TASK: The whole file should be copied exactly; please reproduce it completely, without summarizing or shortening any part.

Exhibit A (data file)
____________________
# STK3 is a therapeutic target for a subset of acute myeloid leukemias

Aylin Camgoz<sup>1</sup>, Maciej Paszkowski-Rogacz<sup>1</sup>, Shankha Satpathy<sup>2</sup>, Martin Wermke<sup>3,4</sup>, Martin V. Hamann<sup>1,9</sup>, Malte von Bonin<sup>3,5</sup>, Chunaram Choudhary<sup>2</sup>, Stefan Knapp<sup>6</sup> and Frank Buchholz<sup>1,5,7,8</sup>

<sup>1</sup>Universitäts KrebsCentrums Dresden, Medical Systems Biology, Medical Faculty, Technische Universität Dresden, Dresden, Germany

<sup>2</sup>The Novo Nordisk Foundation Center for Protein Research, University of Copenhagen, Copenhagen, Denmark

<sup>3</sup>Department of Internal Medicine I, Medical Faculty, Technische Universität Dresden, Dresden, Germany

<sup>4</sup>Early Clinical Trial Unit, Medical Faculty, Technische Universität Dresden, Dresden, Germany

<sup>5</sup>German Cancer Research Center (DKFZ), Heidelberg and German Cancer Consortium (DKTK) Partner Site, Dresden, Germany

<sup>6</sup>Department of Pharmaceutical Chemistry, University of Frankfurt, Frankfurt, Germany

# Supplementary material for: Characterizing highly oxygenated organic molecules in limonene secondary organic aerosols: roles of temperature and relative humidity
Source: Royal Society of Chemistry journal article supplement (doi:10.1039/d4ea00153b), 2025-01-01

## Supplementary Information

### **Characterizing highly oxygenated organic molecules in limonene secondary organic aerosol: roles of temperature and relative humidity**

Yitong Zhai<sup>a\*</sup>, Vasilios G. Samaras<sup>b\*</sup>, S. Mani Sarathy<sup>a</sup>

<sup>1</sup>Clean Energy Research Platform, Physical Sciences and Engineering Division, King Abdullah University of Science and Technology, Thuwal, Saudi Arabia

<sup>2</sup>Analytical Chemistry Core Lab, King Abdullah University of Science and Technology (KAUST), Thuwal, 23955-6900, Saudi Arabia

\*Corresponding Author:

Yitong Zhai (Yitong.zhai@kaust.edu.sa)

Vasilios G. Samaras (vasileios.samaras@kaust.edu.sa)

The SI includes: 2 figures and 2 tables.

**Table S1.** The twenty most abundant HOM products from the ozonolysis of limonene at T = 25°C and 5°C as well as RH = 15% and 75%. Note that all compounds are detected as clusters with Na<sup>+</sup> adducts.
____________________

# STK3 is a therapeutic target for a subset of acute myeloid leukemias

Aylin Camgoz<sup>1</sup>, Maciej Paszkowski-Rogacz<sup>1</sup>, Shankha Satpathy<sup>2</sup>, Martin Wermke<sup>3,4</sup>, Martin V. Hamann<sup>1,9</sup>, Malte von Bonin<sup>3,5</sup>, Chunaram Choudhary<sup>2</sup>, Stefan Knapp<sup>6</sup> and Frank Buchholz<sup>1,5,7,8</sup>

<sup>1</sup>Universitäts KrebsCentrums Dresden, Medical Systems Biology, Medical Faculty, Technische Universität Dresden, Dresden, Germany

<sup>2</sup>The Novo Nordisk Foundation Center for Protein Research, University of Copenhagen, Copenhagen, Denmark

<sup>3</sup>Department of Internal Medicine I, Medical Faculty, Technische Universität Dresden, Dresden, Germany

<sup>4</sup>Early Clinical Trial Unit, Medical Faculty, Technische Universität Dresden, Dresden, Germany

<sup>5</sup>German Cancer Research Center (DKFZ), Heidelberg and German Cancer Consortium (DKTK) Partner Site, Dresden, Germany

<sup>6</sup>Department of Pharmaceutical Chemistry, University of Frankfurt, Frankfurt, Germany

# Supplementary material for: Characterizing highly oxygenated organic molecules in limonene secondary organic aerosols: roles of temperature and relative humidity
Source: Royal Society of Chemistry journal article supplement (doi:10.1039/d4ea00153b), 2025-01-01

## Supplementary Information

### **Characterizing highly oxygenated organic molecules in limonene secondary organic aerosol: roles of temperature and relative humidity**

Yitong Zhai<sup>a\*</sup>, Vasilios G. Samaras<sup>b\*</sup>, S. Mani Sarathy<sup>a</sup>

<sup>1</sup>Clean Energy Research Platform, Physical Sciences and Engineering Division, King Abdullah University of Science and Technology, Thuwal, Saudi Arabia

<sup>2</sup>Analytical Chemistry Core Lab, King Abdullah University of Science and Technology (KAUST), Thuwal, 23955-6900, Saudi Arabia

\*Corresponding Author:

Yitong Zhai (Yitong.zhai@kaust.edu.sa)

Vasilios G. Samaras (vasileios.samaras@kaust.edu.sa)

The SI includes: 2 figures and 2 tables.

**Table S1.** The twenty most abundant HOM products from the ozonolysis of limonene at T = 25°C and 5°C as well as RH = 15% and 75%. Note that all compounds are detected as clusters with Na<sup>+</sup> adducts.